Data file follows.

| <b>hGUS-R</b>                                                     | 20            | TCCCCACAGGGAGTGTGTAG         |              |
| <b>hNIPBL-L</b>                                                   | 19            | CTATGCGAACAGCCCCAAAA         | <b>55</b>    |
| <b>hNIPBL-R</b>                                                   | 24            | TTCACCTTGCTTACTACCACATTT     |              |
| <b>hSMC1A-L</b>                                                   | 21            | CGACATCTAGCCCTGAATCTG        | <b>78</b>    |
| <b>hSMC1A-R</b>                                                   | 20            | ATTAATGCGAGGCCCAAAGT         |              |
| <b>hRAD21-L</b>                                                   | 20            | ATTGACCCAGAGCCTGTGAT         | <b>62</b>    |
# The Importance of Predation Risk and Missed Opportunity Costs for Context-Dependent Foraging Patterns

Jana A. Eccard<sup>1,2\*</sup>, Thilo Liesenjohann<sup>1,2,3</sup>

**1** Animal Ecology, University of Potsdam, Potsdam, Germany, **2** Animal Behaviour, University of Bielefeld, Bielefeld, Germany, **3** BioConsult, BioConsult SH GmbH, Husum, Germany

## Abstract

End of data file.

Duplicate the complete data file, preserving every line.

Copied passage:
| <b>hGUS-R</b>                                                     | 20            | TCCCCACAGGGAGTGTGTAG         |              |
| <b>hNIPBL-L</b>                                                   | 19            | CTATGCGAACAGCCCCAAAA         | <b>55</b>    |
| <b>hNIPBL-R</b>                                                   | 24            | TTCACCTTGCTTACTACCACATTT     |              |
| <b>hSMC1A-L</b>                                                   | 21            | CGACATCTAGCCCTGAATCTG        | <b>78</b>    |
| <b>hSMC1A-R</b>                                                   | 20            | ATTAATGCGAGGCCCAAAGT         |              |
| <b>hRAD21-L</b>                                                   | 20            | ATTGACCCAGAGCCTGTGAT         | <b>62</b>    |
# The Importance of Predation Risk and Missed Opportunity Costs for Context-Dependent Foraging Patterns

Jana A. Eccard<sup>1,2\*</sup>, Thilo Liesenjohann<sup>1,2,3</sup>

**1** Animal Ecology, University of Potsdam, Potsdam, Germany, **2** Animal Behaviour, University of Bielefeld, Bielefeld, Germany, **3** BioConsult, BioConsult SH GmbH, Husum, Germany

## Abstract